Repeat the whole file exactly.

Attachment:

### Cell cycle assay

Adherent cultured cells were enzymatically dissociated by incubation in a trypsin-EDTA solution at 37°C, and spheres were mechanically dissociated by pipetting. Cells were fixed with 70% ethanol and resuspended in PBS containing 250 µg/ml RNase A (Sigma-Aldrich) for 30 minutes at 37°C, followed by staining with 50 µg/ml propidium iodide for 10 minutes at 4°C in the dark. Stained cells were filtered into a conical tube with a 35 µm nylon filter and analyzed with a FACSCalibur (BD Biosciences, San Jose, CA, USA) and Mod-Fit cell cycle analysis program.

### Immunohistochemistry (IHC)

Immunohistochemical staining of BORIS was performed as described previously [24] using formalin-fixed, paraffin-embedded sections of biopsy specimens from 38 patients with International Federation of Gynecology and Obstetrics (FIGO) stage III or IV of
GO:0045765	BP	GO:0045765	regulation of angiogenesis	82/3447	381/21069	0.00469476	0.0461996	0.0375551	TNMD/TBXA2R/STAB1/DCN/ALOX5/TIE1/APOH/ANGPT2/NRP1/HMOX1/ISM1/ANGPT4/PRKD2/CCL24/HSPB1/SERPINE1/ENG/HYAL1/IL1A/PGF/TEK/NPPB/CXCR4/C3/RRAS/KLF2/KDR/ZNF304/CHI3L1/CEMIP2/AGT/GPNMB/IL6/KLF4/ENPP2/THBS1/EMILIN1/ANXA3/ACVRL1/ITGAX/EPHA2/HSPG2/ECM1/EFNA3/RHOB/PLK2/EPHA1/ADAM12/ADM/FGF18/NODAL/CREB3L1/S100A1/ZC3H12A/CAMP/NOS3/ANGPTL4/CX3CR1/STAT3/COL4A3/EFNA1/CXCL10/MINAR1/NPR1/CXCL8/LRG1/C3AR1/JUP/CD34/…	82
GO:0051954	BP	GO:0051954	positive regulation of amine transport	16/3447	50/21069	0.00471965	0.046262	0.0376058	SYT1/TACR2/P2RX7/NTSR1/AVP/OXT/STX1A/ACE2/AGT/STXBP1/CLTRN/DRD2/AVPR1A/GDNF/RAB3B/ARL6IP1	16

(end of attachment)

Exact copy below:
### Cell cycle assay

Adherent cultured cells were enzymatically dissociated by incubation in a trypsin-EDTA solution at 37°C, and spheres were mechanically dissociated by pipetting. Cells were fixed with 70% ethanol and resuspended in PBS containing 250 µg/ml RNase A (Sigma-Aldrich) for 30 minutes at 37°C, followed by staining with 50 µg/ml propidium iodide for 10 minutes at 4°C in the dark. Stained cells were filtered into a conical tube with a 35 µm nylon filter and analyzed with a FACSCalibur (BD Biosciences, San Jose, CA, USA) and Mod-Fit cell cycle analysis program.

### Immunohistochemistry (IHC)

Immunohistochemical staining of BORIS was performed as described previously [24] using formalin-fixed, paraffin-embedded sections of biopsy specimens from 38 patients with International Federation of Gynecology and Obstetrics (FIGO) stage III or IV of
GO:0045765	BP	GO:0045765	regulation of angiogenesis	82/3447	381/21069	0.00469476	0.0461996	0.0375551	TNMD/TBXA2R/STAB1/DCN/ALOX5/TIE1/APOH/ANGPT2/NRP1/HMOX1/ISM1/ANGPT4/PRKD2/CCL24/HSPB1/SERPINE1/ENG/HYAL1/IL1A/PGF/TEK/NPPB/CXCR4/C3/RRAS/KLF2/KDR/ZNF304/CHI3L1/CEMIP2/AGT/GPNMB/IL6/KLF4/ENPP2/THBS1/EMILIN1/ANXA3/ACVRL1/ITGAX/EPHA2/HSPG2/ECM1/EFNA3/RHOB/PLK2/EPHA1/ADAM12/ADM/FGF18/NODAL/CREB3L1/S100A1/ZC3H12A/CAMP/NOS3/ANGPTL4/CX3CR1/STAT3/COL4A3/EFNA1/CXCL10/MINAR1/NPR1/CXCL8/LRG1/C3AR1/JUP/CD34/…	82
GO:0051954	BP	GO:0051954	positive regulation of amine transport	16/3447	50/21069	0.00471965	0.046262	0.0376058	SYT1/TACR2/P2RX7/NTSR1/AVP/OXT/STX1A/ACE2/AGT/STXBP1/CLTRN/DRD2/AVPR1A/GDNF/RAB3B/ARL6IP1	16